M Adryael Tong was born in Boulder, Colorado to immigrant parents from Hong Kong and Taiwan. She attended the University of Pennsylvania and graduated with honors in 2007 with a B.A. in Classics. She then earned her M.Div. (2012) degree summa cum laude, as well as, her S.T.M. (2013) at Yale Divinity School where she was awarded the Ping Teh Sie scholarship for seminary students of ethnic Chinese descent. Throughout her education, M has been active in a variety of social justice causes, including anti-war protest (Not In Our Name), environmental protection (Pennsylvania Department of Environmental Protection), criminal justice reform and death penalty abolition (Connecticut Network to Abolish the Death Penalty), and, especially, the advancement of LGBTQIA rights (Soulforce and the Human Rights Campaign)..
M earned her Ph.D. in 2019 in Judaism and Christianity in Antiquity from Fordham University and is currently revising her dissertation, “‘Given as a Sign’: Circumcision and Bodily Discourse in Late Antique Judaism and Christianity,” for publication as a book. Tentatively titled, Difference and Circumcision, a play on Deleuze’s Difference and Repetition, this book compares the historical development of ideologies of the body in Jewish and Christian texts during the era in which Judaism and Christianity were becoming two different religions. Using the subject of circumcision to frame her analysis, M traces the reception of Pauline discourse on circumcision in early Christian authors such as Tertullian, Justin Martyr, and Origen, and compares it with rabbinic texts, such as the Mishnah, the Tosefta, and Genesis Rabbah. M shows how differences in Jewish and Christian theology that arose from the New Testament circumcision debate profoundly shaped later theological discourses of the body. These include questions on the role biological filiation plays in community membership, on the effect of sexual difference within these communities, and on the image of what constitutes a perfect body within each tradition. In making these often obscured connections visible, M shows that no single aspect of the development of Jewish-Christian difference in late antiquity can be isolated from any other aspects pertaining to that difference, and that all discourses of bodily difference are inextricably linked.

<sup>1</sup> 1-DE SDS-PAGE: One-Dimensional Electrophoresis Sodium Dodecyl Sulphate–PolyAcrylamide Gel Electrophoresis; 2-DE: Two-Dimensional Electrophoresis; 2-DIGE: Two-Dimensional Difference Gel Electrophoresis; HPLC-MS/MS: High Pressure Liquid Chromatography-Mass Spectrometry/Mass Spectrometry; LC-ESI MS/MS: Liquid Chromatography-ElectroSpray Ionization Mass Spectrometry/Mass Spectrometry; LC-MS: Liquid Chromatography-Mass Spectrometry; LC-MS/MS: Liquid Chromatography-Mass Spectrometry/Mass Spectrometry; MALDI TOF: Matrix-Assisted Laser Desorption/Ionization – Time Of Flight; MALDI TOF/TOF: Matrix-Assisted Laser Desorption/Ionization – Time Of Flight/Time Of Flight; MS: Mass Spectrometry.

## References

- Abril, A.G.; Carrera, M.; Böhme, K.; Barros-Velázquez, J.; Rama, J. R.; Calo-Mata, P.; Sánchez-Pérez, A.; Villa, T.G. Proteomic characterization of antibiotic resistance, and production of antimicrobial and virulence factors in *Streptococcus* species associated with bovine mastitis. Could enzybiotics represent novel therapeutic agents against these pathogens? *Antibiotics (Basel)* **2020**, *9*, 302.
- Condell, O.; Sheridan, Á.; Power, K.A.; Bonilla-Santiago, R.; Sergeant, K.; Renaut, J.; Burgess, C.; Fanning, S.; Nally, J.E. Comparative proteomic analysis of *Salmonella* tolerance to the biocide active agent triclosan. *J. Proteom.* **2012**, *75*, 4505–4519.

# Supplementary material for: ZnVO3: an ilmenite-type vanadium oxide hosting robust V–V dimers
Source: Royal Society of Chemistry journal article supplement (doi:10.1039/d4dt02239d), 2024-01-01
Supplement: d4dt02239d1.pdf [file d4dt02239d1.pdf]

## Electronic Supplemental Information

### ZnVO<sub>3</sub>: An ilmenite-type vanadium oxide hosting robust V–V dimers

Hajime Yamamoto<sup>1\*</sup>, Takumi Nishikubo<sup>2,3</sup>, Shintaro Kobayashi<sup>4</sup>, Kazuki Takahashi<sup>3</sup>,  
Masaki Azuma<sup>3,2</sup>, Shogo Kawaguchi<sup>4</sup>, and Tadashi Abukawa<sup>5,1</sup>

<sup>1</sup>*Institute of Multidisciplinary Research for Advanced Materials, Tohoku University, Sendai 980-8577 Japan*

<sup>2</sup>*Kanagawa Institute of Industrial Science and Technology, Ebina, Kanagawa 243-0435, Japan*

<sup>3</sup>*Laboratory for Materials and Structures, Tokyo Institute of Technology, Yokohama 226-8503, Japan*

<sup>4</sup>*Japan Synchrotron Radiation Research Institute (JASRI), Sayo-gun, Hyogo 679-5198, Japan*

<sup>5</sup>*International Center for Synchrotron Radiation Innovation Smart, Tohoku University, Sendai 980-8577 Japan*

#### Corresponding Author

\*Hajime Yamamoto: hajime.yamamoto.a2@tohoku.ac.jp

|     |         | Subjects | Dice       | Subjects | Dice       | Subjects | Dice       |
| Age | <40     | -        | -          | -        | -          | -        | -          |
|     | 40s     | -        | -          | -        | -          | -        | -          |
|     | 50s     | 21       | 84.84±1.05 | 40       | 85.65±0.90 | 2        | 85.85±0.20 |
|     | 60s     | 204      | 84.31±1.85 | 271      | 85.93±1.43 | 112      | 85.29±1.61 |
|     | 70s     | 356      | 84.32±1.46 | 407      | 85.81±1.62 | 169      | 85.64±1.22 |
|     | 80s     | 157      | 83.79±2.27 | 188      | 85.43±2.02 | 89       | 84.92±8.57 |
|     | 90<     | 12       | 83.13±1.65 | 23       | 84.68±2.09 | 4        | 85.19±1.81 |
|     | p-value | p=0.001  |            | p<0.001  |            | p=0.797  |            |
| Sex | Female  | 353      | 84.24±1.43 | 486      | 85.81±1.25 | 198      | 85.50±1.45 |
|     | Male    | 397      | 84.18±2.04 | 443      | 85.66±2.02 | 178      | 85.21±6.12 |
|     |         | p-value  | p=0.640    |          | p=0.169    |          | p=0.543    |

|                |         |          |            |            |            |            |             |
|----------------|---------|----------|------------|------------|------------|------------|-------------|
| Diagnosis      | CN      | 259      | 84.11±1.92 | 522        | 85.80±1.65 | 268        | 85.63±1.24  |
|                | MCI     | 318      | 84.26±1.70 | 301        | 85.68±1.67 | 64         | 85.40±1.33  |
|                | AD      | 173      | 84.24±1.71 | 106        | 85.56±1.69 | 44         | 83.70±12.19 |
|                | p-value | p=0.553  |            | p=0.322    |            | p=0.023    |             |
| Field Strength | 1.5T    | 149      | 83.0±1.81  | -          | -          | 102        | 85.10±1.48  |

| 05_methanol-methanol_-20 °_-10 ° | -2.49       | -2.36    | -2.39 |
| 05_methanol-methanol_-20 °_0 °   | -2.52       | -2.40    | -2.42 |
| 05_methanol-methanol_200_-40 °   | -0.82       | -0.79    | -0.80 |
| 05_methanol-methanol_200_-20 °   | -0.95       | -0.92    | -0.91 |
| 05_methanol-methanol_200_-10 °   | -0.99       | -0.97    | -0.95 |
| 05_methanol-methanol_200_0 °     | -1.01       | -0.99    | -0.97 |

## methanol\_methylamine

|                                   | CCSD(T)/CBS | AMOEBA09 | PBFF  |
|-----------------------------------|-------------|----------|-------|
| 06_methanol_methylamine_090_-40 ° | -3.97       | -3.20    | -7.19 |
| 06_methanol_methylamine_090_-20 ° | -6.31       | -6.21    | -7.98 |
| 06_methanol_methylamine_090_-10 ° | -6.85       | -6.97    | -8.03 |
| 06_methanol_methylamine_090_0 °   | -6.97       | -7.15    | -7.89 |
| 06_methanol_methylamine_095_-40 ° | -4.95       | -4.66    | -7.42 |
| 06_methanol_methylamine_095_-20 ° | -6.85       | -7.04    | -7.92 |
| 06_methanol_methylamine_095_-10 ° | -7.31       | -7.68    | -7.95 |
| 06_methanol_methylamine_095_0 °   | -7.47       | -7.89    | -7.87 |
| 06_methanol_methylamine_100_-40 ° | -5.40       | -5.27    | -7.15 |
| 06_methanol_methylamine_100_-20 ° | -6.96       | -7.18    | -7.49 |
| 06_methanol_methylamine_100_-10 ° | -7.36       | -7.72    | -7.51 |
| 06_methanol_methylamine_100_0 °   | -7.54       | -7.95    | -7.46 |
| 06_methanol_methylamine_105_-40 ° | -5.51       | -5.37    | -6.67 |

M’s work focuses on troubling the dichotomous categories of ‘sameness’ and ‘difference’ as analytic tools in the study of late ancient religion and culture. Her research interests also include the study of the Hebrew Bible, New Testament, early Christianity, Talmud and rabbinic Judaism, gender and sexuality, post-colonial theory, and continental philosophy. Her pedagogy focuses on embracing and amplifying difference and diversity both within the ancient texts and cultures she teaches, and among her students. She has taught courses on the New Testament, early Christian writings, and classic Jewish texts.